Tamarind, kumquat, caraway seeds, and star anise may be featured in new beverage formulations. These are among trending food and drink ingredients cited by Ilana Orlofsky, marketing manager at Imbibe, a Chicago-based beverage development company.

Unusual flavors, textures, and preparations are elevating coffee, tea, and cocktail menus across the country, offering hydration with a splash of inspiration.

“Use your platform to bring fringe ingredients to the forefront,” Orlofsky said during a presentation at the National Restaurant Association Restaurant, Hotel-Motel Show, held May 18-21 in Chicago. “Fringe is in.”

An emerging ingredient is butterfly pea flower tea, which has a midnight-blue hue that transforms into a vibrant magenta when citrus is added. The acidity in a squeeze of lemon alters the pH, Orlofsky explained.

Lemonade Restaurant Group, El Segundo, California, serves a classic or blood orange lemonade with blue butterfly flower tea at its more than two dozen eateries throughout California. Yard House, a casual dining chain owned by Orlando-based Darden Restaurants, Inc., earlier this year introduced a “magic” color-changing margarita with butterfly pea flower.

“I call it nature’s Unicorn Frappuccino,” Orlofsky said of the ingredient.

Other additives adding Instagram appeal are spirulina, beet, and charcoal, which are used to naturally tint beverages.

Aquafaba, or chickpea brine, may replace egg whites to add a plant-based twist to a whiskey sour or gin fizz. Cascara, the traditionally discarded outer skin and pulp of the coffee fruit, plays a starring role in beverages served at Starbucks and Blue Bottle Coffee.

“Upcycled ingredients is something we see more and more,” Orlofsky noted. “You can really leverage these products at the intersection of innovation and sustainability.”

Consumers are seeking beverages with benefits. Ingredients associated with beauty (collagen), digestive health (kombucha and shrubs), and taming inflammation (turmeric) are gaining steam. Medicinal mushrooms such as reishi, chaga, lion’s mane, and cordyceps are cropping up in coffee drinks and linked to improved mood and mental clarity.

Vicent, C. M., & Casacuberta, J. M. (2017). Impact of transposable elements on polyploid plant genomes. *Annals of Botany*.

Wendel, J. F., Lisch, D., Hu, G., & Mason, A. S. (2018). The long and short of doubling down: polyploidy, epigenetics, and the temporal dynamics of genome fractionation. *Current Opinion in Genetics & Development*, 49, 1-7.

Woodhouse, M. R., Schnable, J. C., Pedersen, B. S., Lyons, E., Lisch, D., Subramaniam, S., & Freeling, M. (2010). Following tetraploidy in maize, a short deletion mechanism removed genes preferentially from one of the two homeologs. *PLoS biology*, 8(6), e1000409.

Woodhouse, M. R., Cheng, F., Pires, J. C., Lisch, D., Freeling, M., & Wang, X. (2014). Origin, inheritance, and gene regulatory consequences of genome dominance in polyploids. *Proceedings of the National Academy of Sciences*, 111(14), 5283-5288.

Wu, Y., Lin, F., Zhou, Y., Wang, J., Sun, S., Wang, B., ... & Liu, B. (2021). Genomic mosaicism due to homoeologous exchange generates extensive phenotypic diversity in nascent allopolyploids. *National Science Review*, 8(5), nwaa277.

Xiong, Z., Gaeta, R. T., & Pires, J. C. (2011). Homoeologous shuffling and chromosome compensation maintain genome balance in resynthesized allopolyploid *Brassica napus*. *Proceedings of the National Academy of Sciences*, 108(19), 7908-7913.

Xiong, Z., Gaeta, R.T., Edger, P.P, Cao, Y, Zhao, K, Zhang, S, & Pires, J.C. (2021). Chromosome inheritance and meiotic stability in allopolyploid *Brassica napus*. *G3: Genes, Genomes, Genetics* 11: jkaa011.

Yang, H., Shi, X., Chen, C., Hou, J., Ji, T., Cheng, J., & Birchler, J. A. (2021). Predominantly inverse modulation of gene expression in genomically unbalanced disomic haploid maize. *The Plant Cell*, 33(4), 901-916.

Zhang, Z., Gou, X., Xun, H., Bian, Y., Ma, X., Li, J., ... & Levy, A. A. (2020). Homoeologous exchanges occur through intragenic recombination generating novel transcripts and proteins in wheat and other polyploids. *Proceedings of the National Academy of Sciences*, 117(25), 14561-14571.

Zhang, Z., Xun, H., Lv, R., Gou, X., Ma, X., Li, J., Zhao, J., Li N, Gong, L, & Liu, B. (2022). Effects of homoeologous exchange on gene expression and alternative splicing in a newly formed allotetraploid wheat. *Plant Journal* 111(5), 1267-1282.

Sugar reduction also is playing a key role in beverage innovation. Product developers are dialing down the sweetness or swapping in lower-calorie substitutes such as monk fruit, stevia, and erythritol.

“Beverages for the next generation are very different, and that’s because millennial parents are choosing low- and no-sugar products for their children,” Orlofsky said. “Because they’re being served these less-sweet items, they’re going to demand less sweet as they grow.”

The sparkling water boom provides a platform for a broad range of custom flavors and combinations, Orlofsky said, citing heightened social media activity related to seltzer, sparkling water, and specific brands such as La Croix. Standout flavors may incorporate a cooking or preparation method (toasted coconut, caramelized cherry, grilled apricot), specify a varietal (Meyer lemon, blood orange, alphonso mango), combine fruits and vegetables (cucumber lemon, carrot peach, strawberry rhubarb), or enhance with a botanical or flower (lemongrass, hibiscus, elderflower, sage).

“Millennials currently are spending 13% of their salaries on food and beverage,” Orlofsky said. “In 10 years they’re going to be the largest spender in the food and beverage space, so (the fact) these are the types of flavors and products that appeal to them is going to be critical in keeping their attention,”

Young adults are sipping spiked seltzers and hard kombuchas or opting for booze-free craft cocktails enhanced with flavorful spices, herbs, roots, barks, and botanicals. Curious Elixirs, based in the Hudson River Valley, offers a range of sophisticated, non-alcoholic brews, promoted with a tagline, “shaken, not slurred.”

“Teetotalism is on the rise,” Orlofsky said. “The number of consumers between the ages of 16 and 24 staying away from alcohol has risen 22% in the past 10 years. This isn’t happening only in dry January.”

The legalization of recreational marijuana in a growing number of states may be a factor influencing consumers to drink less alcohol.

“Some people are saying I’d rather have that experience and no calories and no hangover … but don’t want to relinquish that social opportunity,” she said.